I’m not supposed to write about LIS (library and information science) for the next few months, but because of all the throwback photos I’ve come across in my Facebook feed recently, I feel I just have to write this. This is an inevitably long essay; sorry about that.
Like most new entrants (excluding shiftees) to the UP School of Library and Information Studies, I had no intention to pursue library school or become a librarian in the future. All of my life I wanted to become an engineer; I’ve always had an inclination towards building things that work. When it became clear that I couldn’t get into an engineering program yet, I came up with a fairly simple plan: treat my one year at the SLIS as a bridge of some sort, avoiding any form of attachment as much as possible, and shift out to the College of Engineering, only at which point I’d say my college life would truly begin.
That plan never materialized. I was put off by the idea of having to stay for at least another year in school, and I was starting to become attached to the people and the environment of library school. After much coaxing I joined an organization called the UP Future Library and Information Professionals of the Philippines, or UP FLIPP for short. This particular collective of students prides itself in its advocacy—the promotion of LIS in terms of its nature and supposedly increasingly important role in today’s information society. For seven semesters I was of those kids doing just that in whatever way we could —posters, videos, exhibits, talks, and a full-blown annual congress. The central ideology had remained the same: libraries and librarians have evolved significantly thanks to technological advances, and it’s about time to break the long-standing stereotypes associated with them.
This was an advocacy I carried along as I spent my first two years out of school working at an academic library. Unlike most librarians, I was almost solely concerned with IT infrastructure and systems. The server rack was my bookshelf, the hard drives and other storage devices my books. In those days “you don’t look like a librarian” was a compliment; I used to get that a lot. I gave a total of three talks, two on an information display system I developed for my undergraduate thesis and one on managing the library’s learning commons, and since the first one I expected blank faces among the audience, perhaps from LIS practitioners who never thought that my line of work could be considered librarianship.
Amid the compliments and laudatory remarks I got from other librarians and even people outside the profession, I started to ask myself an important question I think all UP FLIPP alumni should ask themselves: Have we made that much of a difference? Has all the collective effort brought librarianship to where we’ve always wanted it to be? Has the profession, at least in the local setting, undergone the overhaul we have been so enthusiastic in preaching about, or have we spent years merely giving it a fresh coat of paint?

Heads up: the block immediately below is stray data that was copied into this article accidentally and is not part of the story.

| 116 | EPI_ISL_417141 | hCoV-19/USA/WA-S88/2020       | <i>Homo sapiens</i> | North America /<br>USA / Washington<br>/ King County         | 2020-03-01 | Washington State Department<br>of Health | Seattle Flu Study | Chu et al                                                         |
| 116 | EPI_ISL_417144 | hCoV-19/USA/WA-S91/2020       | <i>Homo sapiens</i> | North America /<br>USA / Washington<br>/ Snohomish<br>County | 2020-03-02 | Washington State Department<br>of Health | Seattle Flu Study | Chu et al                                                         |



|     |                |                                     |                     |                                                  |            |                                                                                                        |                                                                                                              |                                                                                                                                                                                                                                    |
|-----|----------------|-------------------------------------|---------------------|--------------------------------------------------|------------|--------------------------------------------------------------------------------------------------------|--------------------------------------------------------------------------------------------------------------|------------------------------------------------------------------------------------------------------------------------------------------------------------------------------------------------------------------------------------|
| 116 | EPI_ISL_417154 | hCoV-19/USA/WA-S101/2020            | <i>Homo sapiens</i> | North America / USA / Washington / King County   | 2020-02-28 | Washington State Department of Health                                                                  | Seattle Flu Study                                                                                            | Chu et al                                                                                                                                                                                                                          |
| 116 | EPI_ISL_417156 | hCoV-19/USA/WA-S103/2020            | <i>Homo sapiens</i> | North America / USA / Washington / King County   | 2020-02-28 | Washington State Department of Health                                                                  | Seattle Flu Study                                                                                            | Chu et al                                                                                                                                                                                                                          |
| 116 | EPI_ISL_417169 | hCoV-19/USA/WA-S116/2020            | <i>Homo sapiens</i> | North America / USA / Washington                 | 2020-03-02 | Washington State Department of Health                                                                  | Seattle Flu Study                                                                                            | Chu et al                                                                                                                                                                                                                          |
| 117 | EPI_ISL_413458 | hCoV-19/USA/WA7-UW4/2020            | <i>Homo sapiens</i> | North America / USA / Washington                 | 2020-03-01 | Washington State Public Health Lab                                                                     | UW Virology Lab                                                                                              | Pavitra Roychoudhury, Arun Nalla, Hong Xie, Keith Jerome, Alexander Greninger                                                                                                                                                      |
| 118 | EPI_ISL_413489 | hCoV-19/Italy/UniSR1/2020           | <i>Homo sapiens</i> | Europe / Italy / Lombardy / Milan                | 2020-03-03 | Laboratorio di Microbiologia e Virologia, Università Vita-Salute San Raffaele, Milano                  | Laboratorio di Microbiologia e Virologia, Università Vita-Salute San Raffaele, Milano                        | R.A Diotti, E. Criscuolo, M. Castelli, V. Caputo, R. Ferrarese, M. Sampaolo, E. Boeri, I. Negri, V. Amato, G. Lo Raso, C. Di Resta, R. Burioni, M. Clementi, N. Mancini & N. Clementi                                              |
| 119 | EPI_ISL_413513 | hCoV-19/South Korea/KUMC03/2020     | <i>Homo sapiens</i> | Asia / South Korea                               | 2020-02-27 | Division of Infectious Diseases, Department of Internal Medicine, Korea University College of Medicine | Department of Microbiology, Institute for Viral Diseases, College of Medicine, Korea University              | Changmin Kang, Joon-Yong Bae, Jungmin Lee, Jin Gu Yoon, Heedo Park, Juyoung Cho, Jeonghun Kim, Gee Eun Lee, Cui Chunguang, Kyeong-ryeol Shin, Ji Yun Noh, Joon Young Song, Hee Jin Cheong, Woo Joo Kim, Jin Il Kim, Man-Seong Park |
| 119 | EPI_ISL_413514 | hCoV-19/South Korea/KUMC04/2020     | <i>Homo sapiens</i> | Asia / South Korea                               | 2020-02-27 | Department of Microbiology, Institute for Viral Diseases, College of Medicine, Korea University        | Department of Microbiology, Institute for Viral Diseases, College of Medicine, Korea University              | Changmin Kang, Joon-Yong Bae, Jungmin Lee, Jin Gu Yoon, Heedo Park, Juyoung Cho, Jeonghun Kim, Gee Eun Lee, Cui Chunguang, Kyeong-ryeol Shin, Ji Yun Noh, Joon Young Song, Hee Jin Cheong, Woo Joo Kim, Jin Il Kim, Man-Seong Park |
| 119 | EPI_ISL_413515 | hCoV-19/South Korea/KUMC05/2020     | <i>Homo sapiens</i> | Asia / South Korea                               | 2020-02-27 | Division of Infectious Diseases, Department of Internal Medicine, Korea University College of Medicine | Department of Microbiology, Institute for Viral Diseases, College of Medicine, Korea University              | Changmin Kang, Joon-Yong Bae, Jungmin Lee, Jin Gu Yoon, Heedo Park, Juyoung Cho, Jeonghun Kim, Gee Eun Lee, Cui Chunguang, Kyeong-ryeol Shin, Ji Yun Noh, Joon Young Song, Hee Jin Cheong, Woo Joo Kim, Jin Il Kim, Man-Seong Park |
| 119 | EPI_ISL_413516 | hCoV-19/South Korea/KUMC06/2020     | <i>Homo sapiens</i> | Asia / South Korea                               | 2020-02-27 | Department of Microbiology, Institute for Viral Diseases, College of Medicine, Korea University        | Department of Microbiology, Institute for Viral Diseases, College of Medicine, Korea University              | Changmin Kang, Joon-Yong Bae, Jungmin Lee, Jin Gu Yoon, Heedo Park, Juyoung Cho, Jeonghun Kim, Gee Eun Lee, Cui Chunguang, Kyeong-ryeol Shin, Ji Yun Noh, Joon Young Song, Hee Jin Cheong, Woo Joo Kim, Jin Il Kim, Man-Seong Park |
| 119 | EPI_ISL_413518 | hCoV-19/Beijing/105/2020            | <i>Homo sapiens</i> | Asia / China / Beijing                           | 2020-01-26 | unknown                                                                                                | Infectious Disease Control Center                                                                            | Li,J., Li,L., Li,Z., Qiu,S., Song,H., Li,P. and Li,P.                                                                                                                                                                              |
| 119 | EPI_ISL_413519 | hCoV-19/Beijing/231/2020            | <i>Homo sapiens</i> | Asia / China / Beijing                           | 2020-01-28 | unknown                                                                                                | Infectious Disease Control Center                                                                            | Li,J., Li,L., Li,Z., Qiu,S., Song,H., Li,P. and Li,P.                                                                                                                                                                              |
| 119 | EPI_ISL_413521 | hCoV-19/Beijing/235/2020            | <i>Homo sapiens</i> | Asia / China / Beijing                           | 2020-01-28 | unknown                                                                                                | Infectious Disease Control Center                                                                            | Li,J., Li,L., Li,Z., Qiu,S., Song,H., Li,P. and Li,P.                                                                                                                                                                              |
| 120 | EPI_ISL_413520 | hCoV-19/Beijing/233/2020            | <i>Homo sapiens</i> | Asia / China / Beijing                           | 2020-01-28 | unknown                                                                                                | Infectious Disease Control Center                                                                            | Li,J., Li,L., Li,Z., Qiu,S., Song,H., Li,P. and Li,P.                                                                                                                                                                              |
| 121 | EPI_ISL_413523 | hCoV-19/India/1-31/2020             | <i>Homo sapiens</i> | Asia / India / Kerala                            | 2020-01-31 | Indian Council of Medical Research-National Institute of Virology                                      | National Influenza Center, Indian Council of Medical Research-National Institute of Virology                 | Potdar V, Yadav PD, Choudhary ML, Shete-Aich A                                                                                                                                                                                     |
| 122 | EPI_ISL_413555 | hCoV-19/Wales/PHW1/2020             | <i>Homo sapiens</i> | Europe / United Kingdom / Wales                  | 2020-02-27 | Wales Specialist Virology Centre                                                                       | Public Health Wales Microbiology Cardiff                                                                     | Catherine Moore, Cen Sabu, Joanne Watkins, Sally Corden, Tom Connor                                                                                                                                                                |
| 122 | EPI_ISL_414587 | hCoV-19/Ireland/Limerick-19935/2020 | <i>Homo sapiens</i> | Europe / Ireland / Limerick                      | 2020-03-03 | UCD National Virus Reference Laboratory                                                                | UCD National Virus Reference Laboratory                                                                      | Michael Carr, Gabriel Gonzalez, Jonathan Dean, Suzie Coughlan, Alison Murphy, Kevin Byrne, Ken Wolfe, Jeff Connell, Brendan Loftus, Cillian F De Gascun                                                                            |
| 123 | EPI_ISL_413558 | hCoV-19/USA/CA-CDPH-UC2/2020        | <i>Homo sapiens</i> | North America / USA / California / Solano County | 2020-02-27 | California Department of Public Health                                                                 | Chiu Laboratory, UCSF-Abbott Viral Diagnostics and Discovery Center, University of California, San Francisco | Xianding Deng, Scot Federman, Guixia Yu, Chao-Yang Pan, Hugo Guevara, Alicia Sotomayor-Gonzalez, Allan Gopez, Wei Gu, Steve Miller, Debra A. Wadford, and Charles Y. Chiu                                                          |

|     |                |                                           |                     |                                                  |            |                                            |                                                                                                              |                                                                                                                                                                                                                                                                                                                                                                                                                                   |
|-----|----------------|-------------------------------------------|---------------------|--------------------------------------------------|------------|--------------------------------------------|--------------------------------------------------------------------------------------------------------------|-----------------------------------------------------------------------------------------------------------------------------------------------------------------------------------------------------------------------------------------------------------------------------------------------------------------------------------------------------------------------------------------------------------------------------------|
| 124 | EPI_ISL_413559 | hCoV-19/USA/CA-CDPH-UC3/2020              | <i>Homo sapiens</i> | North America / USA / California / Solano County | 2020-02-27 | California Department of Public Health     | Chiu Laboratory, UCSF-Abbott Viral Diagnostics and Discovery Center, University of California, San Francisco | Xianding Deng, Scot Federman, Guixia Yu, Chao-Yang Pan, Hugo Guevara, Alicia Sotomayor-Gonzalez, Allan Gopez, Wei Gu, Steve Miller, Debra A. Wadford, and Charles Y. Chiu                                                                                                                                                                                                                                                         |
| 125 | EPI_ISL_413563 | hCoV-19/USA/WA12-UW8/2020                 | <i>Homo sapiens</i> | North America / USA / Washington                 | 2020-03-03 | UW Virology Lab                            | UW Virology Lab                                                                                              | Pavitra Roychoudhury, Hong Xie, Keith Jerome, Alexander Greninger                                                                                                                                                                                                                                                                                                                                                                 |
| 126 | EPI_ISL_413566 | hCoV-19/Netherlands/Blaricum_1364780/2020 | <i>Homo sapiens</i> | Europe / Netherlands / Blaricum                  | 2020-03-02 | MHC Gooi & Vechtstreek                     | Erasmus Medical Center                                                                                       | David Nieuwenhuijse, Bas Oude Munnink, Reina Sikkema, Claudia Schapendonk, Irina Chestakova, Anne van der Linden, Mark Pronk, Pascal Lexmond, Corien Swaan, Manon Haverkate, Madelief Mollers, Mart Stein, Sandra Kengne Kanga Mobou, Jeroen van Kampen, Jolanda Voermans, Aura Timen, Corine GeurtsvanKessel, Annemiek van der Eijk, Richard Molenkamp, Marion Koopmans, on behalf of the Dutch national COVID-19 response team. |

I’ve encountered a few people whose view of the profession would suggest that the UP FLIPP has somehow succeeded. In one social gathering I got to have a short conversation with AG Saño, who’s well known for his “Dolphins Love Freedom” murals. He asked about my educational attainment, and upon telling him I earned an LIS degree his face lit up and went on to talk about how librarians excel at something computer scientists, according to him, suck: organizing and making sense of information. Some people at the company I currently work at consider LIS as a broader discipline that encompasses IT or are at least curious about what librarians do nowadays.
But this is no reason to become complacent. Yes, we have managed to turn the once-looming threat that was the World Wide Web into an integral tool for learning, empowerment, and better service. Yes, we have somehow been able to give people outside the profession a fresh perspective on librarianship. But what about the underlying mechanisms that would enable the profession to take on new forms and new roles? Have we worked enough on that?
I believe that promotion merely for the sake of raising awareness of what libraries supposedly are now is, for what it’s worth, a symptomatic solution— a solution to a symptom of a problem rather than the problem itself. I believe that the problems that plague Philippine librarianship—insufficient ability to innovate or at least adopt new technologies, low regard by most people, and the tendency of library school students to shift out and graduates to pursue non-library careers— are mere manifestations of a system of issues that, in my opinion, poses a threat much greater than disruptive innovations: the reluctance to evolve.
The Fifth Law of Library Science, as SR Ranganathan put forth, is that the library is a growing organism. A growing organism constantly adapts to its environment through changes to its behavior, taking on new forms and capabilities as seen fit. Given this nature, common sense would tell us that libraries, and librarianship for that matter, are expected to evolve as new innovations bring about new ways of doing things and render obsolete old ones. Thus it would be imperative to constantly adapt library educational programs to changing trends not only in technology but also in the way people create, organize, and consume information. It would also be imperative to transform libraries such that they can continue to serve their patrons effectively, and to provide enriching career opportunities to future generations of librarians in the process.